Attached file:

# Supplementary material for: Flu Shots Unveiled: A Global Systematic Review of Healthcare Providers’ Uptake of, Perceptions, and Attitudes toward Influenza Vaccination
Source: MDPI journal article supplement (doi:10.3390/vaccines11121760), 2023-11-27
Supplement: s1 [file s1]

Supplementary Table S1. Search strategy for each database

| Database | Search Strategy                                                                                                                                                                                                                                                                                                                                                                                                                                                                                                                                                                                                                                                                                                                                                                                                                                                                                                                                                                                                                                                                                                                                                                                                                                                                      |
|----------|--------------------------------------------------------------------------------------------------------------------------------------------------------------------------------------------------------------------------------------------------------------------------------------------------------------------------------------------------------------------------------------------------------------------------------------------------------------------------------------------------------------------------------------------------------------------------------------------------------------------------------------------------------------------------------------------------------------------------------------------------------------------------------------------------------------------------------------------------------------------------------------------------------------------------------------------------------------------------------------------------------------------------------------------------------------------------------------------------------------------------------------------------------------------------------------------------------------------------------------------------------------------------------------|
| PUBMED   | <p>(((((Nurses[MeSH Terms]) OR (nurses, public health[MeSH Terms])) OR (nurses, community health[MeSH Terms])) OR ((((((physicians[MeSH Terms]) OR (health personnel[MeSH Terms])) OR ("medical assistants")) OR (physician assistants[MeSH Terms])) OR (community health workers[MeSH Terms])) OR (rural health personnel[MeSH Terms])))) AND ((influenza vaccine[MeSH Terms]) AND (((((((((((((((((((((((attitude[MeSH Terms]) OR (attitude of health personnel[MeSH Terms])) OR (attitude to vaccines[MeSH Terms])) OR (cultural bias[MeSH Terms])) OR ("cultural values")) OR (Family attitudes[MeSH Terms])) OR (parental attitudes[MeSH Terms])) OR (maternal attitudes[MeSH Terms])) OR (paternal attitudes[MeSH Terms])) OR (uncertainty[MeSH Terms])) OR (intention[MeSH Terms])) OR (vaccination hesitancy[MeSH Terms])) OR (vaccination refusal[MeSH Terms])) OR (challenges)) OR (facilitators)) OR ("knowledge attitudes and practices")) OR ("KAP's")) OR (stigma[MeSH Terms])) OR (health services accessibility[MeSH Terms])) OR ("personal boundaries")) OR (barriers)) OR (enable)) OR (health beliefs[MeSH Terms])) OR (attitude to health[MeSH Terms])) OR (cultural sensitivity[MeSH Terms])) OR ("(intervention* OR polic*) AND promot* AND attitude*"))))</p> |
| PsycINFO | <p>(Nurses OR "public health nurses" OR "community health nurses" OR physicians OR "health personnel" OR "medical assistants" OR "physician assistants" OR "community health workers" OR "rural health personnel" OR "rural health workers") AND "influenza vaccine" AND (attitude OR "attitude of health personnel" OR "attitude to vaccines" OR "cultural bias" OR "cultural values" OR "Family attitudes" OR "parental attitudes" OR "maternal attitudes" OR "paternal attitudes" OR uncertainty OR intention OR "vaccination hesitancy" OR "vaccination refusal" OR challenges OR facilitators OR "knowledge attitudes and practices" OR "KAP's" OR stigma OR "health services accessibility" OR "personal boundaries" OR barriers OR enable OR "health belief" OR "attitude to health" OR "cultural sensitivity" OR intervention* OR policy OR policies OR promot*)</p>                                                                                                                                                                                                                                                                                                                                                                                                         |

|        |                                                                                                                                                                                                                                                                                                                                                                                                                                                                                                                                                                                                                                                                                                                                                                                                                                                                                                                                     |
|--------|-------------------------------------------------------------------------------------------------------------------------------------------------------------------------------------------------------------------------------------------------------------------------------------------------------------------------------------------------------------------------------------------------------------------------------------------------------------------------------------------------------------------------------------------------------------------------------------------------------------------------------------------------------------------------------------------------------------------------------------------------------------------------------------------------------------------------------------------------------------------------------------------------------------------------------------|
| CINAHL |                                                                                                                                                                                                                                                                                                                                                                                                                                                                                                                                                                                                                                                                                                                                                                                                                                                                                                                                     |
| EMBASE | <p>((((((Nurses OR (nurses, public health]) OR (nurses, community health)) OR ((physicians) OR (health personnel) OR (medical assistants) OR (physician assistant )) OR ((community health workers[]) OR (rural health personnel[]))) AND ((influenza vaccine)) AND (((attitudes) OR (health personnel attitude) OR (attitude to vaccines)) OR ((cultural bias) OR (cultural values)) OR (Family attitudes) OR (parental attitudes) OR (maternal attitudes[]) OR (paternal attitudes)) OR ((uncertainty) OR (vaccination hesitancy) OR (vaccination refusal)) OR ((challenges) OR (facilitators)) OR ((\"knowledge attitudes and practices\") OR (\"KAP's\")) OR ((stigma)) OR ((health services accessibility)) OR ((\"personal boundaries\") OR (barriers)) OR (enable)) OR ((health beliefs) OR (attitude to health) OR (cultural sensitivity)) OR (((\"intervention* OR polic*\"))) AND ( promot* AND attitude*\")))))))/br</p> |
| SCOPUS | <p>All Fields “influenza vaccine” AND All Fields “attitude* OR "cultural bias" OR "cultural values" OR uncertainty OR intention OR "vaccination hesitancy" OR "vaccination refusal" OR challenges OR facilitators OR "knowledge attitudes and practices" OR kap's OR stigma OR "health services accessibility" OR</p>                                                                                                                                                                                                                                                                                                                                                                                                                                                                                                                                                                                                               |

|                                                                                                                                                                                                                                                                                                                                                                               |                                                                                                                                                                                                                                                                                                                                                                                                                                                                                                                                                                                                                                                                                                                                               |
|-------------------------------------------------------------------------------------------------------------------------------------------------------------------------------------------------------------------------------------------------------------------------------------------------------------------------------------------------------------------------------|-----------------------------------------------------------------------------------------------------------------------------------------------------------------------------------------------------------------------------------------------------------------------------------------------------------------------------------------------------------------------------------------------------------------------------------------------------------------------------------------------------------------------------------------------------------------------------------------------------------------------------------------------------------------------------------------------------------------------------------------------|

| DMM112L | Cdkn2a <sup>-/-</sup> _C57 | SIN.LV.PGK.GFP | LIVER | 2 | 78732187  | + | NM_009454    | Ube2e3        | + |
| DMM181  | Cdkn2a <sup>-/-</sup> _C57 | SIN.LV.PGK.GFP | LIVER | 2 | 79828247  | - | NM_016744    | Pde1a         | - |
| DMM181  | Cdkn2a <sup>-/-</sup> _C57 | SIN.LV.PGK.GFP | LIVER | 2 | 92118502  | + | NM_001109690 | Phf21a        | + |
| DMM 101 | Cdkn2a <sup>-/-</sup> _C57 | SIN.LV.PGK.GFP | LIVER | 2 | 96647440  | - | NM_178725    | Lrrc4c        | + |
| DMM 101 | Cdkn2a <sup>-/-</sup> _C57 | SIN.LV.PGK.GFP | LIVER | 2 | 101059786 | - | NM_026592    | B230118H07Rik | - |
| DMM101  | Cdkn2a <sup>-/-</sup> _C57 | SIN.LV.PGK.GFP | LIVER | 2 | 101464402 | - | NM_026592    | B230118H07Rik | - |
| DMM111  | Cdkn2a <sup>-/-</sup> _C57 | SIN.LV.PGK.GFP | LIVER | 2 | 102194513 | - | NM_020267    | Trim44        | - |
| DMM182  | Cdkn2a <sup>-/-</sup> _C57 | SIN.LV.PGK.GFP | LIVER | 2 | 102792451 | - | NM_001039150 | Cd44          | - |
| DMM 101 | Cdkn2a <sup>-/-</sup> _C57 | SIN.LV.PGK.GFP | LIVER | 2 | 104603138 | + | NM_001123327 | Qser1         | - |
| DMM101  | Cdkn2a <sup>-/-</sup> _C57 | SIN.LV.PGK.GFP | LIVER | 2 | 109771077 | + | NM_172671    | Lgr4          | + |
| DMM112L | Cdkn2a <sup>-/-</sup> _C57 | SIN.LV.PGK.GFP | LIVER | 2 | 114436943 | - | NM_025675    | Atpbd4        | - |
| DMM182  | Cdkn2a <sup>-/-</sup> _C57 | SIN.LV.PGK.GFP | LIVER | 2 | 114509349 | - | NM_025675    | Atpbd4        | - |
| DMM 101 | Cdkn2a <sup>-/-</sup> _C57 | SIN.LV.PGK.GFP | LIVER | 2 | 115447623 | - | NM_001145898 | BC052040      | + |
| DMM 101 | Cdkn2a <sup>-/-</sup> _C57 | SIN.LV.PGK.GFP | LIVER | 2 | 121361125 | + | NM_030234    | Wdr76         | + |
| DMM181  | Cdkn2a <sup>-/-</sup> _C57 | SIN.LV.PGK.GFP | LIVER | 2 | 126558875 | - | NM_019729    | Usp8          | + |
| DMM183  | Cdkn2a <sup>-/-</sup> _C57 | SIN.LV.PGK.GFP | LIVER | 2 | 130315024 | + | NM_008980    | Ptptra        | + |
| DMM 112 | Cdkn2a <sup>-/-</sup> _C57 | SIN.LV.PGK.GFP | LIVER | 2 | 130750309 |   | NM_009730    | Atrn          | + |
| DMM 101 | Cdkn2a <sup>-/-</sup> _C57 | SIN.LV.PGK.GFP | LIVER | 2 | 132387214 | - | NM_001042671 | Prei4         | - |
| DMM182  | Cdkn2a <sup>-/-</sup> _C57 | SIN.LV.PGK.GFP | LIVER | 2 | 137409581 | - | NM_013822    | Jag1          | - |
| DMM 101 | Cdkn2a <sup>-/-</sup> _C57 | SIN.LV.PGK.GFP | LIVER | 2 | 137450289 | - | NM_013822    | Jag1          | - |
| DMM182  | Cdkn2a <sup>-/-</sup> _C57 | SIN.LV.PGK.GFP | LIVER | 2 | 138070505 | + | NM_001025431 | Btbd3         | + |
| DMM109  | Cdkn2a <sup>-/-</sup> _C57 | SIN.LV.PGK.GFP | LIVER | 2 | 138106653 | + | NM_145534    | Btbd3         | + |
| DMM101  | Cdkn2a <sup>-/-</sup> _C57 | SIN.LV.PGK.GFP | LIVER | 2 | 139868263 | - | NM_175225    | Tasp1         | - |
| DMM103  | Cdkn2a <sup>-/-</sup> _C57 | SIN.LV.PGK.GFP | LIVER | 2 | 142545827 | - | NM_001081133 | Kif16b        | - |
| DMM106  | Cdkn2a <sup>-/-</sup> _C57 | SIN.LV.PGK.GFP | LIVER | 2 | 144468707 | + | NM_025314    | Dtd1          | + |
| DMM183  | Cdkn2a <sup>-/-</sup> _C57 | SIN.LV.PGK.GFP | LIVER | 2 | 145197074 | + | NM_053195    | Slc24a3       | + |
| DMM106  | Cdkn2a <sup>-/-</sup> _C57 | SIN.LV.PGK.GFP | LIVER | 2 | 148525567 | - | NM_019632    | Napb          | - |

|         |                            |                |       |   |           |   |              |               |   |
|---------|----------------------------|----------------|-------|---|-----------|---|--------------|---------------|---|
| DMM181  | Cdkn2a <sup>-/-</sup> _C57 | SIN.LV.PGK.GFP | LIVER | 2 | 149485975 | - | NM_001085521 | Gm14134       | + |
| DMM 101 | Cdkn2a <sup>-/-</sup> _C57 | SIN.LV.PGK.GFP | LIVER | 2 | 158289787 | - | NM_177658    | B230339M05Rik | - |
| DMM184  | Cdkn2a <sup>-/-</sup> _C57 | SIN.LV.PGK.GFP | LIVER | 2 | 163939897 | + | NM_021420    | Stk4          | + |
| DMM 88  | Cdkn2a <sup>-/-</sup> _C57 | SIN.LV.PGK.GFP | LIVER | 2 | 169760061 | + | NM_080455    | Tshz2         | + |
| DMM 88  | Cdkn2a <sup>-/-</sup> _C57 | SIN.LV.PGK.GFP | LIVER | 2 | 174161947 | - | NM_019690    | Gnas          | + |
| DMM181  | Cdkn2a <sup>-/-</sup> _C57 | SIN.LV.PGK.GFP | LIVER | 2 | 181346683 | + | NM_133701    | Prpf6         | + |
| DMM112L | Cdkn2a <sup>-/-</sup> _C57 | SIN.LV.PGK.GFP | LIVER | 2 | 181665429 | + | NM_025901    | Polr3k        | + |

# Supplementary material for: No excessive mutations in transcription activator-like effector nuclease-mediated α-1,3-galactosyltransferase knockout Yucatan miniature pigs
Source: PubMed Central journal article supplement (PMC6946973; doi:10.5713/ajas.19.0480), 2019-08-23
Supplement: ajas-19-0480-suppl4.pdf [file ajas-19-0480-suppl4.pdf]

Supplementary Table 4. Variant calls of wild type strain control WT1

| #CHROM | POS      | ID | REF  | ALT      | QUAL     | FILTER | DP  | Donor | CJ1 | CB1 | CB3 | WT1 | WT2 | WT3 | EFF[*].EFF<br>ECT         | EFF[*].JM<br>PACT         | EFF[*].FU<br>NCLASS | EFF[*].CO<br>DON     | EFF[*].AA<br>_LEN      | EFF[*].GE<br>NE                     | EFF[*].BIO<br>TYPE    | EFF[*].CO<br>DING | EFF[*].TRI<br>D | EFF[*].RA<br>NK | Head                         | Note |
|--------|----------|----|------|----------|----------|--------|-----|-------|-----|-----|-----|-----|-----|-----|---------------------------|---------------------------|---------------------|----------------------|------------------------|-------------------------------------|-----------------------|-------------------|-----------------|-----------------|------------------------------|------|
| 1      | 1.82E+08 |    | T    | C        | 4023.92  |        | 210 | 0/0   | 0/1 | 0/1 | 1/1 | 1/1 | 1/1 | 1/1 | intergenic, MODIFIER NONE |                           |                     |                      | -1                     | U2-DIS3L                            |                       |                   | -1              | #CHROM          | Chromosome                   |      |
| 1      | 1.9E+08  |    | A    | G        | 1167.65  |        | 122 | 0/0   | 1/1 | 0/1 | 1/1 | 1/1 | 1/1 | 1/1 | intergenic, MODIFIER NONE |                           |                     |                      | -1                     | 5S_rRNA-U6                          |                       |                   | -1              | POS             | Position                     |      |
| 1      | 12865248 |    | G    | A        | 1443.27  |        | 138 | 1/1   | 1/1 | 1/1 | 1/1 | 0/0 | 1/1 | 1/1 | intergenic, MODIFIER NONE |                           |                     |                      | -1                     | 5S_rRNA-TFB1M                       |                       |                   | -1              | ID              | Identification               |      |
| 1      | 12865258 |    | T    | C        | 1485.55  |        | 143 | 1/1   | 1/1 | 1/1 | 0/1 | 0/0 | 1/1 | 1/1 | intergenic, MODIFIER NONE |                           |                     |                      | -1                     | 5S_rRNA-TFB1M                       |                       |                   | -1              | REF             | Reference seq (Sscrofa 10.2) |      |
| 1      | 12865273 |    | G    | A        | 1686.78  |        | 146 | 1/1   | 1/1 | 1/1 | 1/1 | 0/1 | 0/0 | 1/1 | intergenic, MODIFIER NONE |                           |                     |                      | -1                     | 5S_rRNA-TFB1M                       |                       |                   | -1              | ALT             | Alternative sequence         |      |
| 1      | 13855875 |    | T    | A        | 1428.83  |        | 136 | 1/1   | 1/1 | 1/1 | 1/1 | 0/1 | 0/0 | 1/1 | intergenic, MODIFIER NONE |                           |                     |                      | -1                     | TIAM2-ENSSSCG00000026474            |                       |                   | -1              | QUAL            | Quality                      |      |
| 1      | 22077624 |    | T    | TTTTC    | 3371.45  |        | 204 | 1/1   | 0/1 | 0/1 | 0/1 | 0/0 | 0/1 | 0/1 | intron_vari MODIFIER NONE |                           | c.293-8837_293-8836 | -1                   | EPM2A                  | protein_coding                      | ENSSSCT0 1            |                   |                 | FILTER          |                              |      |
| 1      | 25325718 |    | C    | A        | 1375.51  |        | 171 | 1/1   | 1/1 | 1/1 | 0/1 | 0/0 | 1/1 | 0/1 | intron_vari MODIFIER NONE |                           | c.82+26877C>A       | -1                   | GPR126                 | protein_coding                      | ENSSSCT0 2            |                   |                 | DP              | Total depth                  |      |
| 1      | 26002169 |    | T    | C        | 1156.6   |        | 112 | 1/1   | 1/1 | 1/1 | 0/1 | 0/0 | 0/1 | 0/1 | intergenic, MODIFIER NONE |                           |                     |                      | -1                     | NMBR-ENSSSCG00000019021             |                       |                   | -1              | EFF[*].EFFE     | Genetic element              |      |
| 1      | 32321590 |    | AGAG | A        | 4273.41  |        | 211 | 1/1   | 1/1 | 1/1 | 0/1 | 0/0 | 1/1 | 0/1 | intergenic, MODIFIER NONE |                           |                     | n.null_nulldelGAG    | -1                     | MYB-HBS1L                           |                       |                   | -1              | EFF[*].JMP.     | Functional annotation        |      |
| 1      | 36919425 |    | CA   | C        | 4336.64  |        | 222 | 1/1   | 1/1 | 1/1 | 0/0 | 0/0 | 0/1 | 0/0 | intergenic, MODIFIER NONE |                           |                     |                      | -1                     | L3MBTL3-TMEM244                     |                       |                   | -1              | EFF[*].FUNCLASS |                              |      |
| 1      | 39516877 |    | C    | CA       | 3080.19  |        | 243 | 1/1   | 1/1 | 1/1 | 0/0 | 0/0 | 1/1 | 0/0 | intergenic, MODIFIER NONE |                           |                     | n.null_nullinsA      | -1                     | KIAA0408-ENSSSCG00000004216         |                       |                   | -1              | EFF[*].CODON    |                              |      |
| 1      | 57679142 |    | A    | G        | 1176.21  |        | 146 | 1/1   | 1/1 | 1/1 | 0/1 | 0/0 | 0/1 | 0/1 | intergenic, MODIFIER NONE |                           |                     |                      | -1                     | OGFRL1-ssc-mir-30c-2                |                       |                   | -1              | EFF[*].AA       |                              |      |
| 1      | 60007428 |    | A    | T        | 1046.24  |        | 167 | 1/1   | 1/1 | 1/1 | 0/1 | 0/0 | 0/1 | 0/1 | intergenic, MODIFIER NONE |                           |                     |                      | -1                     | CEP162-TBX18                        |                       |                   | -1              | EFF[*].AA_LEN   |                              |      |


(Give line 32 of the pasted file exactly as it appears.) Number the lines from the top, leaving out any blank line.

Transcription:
| DMM 112 | Cdkn2a <sup>-/-</sup> _C57 | SIN.LV.PGK.GFP | LIVER | 2 | 130750309 |   | NM_009730    | Atrn          | + |